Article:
YSU STEM held its Fifth Annual Sustainable Energy Forum June 3rd and 4th, 2013. The two-day event welcomed speakers and panelists from around the nation, who talked about the interaction of advanced manufacturing, natural gas, and sustainable energy technologies. President Cynthia Anderson, Representative Sean O’Brien, and Congressman Tim Ryan greeted guests and speakers with excitement about the revitalization that is occurring in the Youngstown area, and the role of advanced manufacturing in the growth of the regional economy.
“We are very proud to have this tradition going,” President Anderson said about the Fifth Annual Sustainable Energy Forum. Anderson went on to thank all of the collaborators for contributing to the success YSU has had in the area of sustainable energy.
Representative Sean O’Brien discussed the role the shale industry, manufacturing, and higher education play together to revitalize the area. He also spoke about how the unemployment rate has decreased from around 15% to around 7% due to efforts in advanced manufacturing. Representative O’Brien went on to tell guests that developments in sustainable energy would help the United States stay on top of technology development. He concluded by stating that advanced manufacturing could lead the way from the biggest recession in eight decades.
Congressman Tim Ryan provided extensive comments about additive manufacturing and the Youngstown area. In addition to saying that he “wouldn’t want to play the economic development game with anyone other than the team assembled [at YSU],” Congressman Ryan said that we, as a nation, need to invest in education so that students and young people can grow. One of the major points of Congressman Ryan’s message was the relationship between risk, reward, and failure. Noting that the United States is a nation of “calculated risk takers,” he indicated that both educators and society need to teach people how to overcome adversity if they should fail.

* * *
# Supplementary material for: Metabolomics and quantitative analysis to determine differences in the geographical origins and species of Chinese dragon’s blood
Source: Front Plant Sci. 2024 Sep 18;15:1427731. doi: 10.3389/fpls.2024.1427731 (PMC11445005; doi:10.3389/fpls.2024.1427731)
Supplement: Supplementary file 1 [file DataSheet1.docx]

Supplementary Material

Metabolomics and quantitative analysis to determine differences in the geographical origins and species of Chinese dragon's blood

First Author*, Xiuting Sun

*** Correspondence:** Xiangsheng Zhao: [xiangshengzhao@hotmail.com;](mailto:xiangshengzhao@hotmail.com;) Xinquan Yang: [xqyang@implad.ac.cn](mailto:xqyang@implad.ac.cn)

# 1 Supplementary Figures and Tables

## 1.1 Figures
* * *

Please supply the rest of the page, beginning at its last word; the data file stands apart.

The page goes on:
Additional comments throughout the day focused on the opportunities provided by alternative fuel sources. The real surprise came Tuesday, when Dave Mrowzinski, program manager at IGS Energy in CNG Services, announced that the Valley would be a new location for a compressed natural gas (CNG) filling station.
Not only were students at the Sustainable Energy Forum able to learn about additive manufacturing and sustainable energy, but they also were able to visit with companies with whom they could potentially work. Throughout the event, tables were set up for students and guests alike to learn more about the individual companies that support the Sustainable Energy Forum. On Monday evening, there was also a networking mixer for the guests, as well as numerous networking breaks throughout the event that provided plenty of opportunity to participants to interact and learn more about area interests in the sustainable energy arena.
With significant expansion into additive manufacturing, or 3-D printing, the Forum expanded will beyond its traditional emphasis on alternative energy sources. Additive manufacturing involves the production of parts by additive deposition of material, rather than subtractive machining of material from a larger piece. Presentations from Ed Morris, Director of the National Additive Manufacturing Innovation Institute, Kelly Visconti, Technology Director from the Advanced Manufacturing Office at the US Department of Energy, and Craig Blue, Director of the Manufacturing Demonstration Facility at Oak Ridge National Laboratory, provided a tutorial for Forum participants as to the energy impacts of additive manufacturing, specifically in terms of the efficient use of resources.
The YSU Sustainable Energy Forum was also able to welcome a group of special guests, MINDDRIVE, a team of at-risk students from Kansas City, Missouri and Kansas City, Kansas, who produced a fully electric vehicle that they are driving to Washington. The kids in the MINDDRIVE program presented their vehicle to Forum participants and stayed to answer questions ranging from who got to drive the vehicle, to how long the batteries would last. Needless to say, YSU STEM would love to have these students as future Penguins, and as future STEMians.